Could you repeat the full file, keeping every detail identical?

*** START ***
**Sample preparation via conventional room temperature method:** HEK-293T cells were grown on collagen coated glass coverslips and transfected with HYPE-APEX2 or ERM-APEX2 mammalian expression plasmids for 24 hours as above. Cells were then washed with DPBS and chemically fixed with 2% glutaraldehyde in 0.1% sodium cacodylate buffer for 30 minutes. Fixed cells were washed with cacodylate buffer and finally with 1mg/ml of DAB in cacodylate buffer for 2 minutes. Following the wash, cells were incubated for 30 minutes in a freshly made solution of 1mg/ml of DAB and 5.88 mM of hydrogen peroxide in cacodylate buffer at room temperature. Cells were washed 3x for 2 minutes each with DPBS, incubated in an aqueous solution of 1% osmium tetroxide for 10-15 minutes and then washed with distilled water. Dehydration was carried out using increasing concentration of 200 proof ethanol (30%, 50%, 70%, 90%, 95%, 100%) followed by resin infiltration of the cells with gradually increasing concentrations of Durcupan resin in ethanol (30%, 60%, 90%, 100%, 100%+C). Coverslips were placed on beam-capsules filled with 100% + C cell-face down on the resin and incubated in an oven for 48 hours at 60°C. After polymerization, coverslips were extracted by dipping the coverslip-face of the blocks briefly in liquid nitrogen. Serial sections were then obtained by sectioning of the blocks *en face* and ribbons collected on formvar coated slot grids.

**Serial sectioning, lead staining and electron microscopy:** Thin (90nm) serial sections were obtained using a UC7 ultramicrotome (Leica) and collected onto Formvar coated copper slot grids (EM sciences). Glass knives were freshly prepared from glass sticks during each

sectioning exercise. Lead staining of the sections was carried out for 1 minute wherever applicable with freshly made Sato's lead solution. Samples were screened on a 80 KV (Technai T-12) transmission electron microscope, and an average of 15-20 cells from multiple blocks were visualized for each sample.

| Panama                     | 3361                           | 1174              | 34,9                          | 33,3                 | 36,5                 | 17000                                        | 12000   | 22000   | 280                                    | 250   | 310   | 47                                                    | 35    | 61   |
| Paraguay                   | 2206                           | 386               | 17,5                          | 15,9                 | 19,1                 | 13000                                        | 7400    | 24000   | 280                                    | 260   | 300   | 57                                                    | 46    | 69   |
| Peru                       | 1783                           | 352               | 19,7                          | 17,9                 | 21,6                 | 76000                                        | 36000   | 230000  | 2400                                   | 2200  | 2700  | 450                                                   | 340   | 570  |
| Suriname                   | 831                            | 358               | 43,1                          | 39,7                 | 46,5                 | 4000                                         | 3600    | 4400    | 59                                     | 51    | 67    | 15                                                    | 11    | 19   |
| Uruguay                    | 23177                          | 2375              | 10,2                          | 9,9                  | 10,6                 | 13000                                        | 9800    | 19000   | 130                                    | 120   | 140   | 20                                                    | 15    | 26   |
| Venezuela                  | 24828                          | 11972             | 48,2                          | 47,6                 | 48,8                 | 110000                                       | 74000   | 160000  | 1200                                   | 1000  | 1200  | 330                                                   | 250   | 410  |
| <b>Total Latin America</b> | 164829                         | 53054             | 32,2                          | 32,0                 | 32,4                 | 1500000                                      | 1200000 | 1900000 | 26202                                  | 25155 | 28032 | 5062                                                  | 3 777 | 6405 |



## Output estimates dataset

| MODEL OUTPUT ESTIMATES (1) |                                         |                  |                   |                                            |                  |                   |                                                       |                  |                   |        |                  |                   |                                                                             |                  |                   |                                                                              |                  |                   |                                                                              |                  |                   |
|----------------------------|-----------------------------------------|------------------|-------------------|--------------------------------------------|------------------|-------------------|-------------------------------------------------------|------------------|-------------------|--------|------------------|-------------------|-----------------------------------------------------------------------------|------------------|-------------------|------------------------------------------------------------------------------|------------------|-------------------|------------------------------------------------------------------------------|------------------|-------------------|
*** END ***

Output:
**Sample preparation via conventional room temperature method:** HEK-293T cells were grown on collagen coated glass coverslips and transfected with HYPE-APEX2 or ERM-APEX2 mammalian expression plasmids for 24 hours as above. Cells were then washed with DPBS and chemically fixed with 2% glutaraldehyde in 0.1% sodium cacodylate buffer for 30 minutes. Fixed cells were washed with cacodylate buffer and finally with 1mg/ml of DAB in cacodylate buffer for 2 minutes. Following the wash, cells were incubated for 30 minutes in a freshly made solution of 1mg/ml of DAB and 5.88 mM of hydrogen peroxide in cacodylate buffer at room temperature. Cells were washed 3x for 2 minutes each with DPBS, incubated in an aqueous solution of 1% osmium tetroxide for 10-15 minutes and then washed with distilled water. Dehydration was carried out using increasing concentration of 200 proof ethanol (30%, 50%, 70%, 90%, 95%, 100%) followed by resin infiltration of the cells with gradually increasing concentrations of Durcupan resin in ethanol (30%, 60%, 90%, 100%, 100%+C). Coverslips were placed on beam-capsules filled with 100% + C cell-face down on the resin and incubated in an oven for 48 hours at 60°C. After polymerization, coverslips were extracted by dipping the coverslip-face of the blocks briefly in liquid nitrogen. Serial sections were then obtained by sectioning of the blocks *en face* and ribbons collected on formvar coated slot grids.

**Serial sectioning, lead staining and electron microscopy:** Thin (90nm) serial sections were obtained using a UC7 ultramicrotome (Leica) and collected onto Formvar coated copper slot grids (EM sciences). Glass knives were freshly prepared from glass sticks during each

sectioning exercise. Lead staining of the sections was carried out for 1 minute wherever applicable with freshly made Sato's lead solution. Samples were screened on a 80 KV (Technai T-12) transmission electron microscope, and an average of 15-20 cells from multiple blocks were visualized for each sample.

| Panama                     | 3361                           | 1174              | 34,9                          | 33,3                 | 36,5                 | 17000                                        | 12000   | 22000   | 280                                    | 250   | 310   | 47                                                    | 35    | 61   |
| Paraguay                   | 2206                           | 386               | 17,5                          | 15,9                 | 19,1                 | 13000                                        | 7400    | 24000   | 280                                    | 260   | 300   | 57                                                    | 46    | 69   |
| Peru                       | 1783                           | 352               | 19,7                          | 17,9                 | 21,6                 | 76000                                        | 36000   | 230000  | 2400                                   | 2200  | 2700  | 450                                                   | 340   | 570  |
| Suriname                   | 831                            | 358               | 43,1                          | 39,7                 | 46,5                 | 4000                                         | 3600    | 4400    | 59                                     | 51    | 67    | 15                                                    | 11    | 19   |
| Uruguay                    | 23177                          | 2375              | 10,2                          | 9,9                  | 10,6                 | 13000                                        | 9800    | 19000   | 130                                    | 120   | 140   | 20                                                    | 15    | 26   |
| Venezuela                  | 24828                          | 11972             | 48,2                          | 47,6                 | 48,8                 | 110000                                       | 74000   | 160000  | 1200                                   | 1000  | 1200  | 330                                                   | 250   | 410  |
| <b>Total Latin America</b> | 164829                         | 53054             | 32,2                          | 32,0                 | 32,4                 | 1500000                                      | 1200000 | 1900000 | 26202                                  | 25155 | 28032 | 5062                                                  | 3 777 | 6405 |



## Output estimates dataset

| MODEL OUTPUT ESTIMATES (1) |                                         |                  |                   |                                            |                  |                   |                                                       |                  |                   |        |                  |                   |                                                                             |                  |                   |                                                                              |                  |                   |                                                                              |                  |                   |
|----------------------------|-----------------------------------------|------------------|-------------------|--------------------------------------------|------------------|-------------------|-------------------------------------------------------|------------------|-------------------|--------|------------------|-------------------|-----------------------------------------------------------------------------|------------------|-------------------|------------------------------------------------------------------------------|------------------|-------------------|------------------------------------------------------------------------------|------------------|-------------------|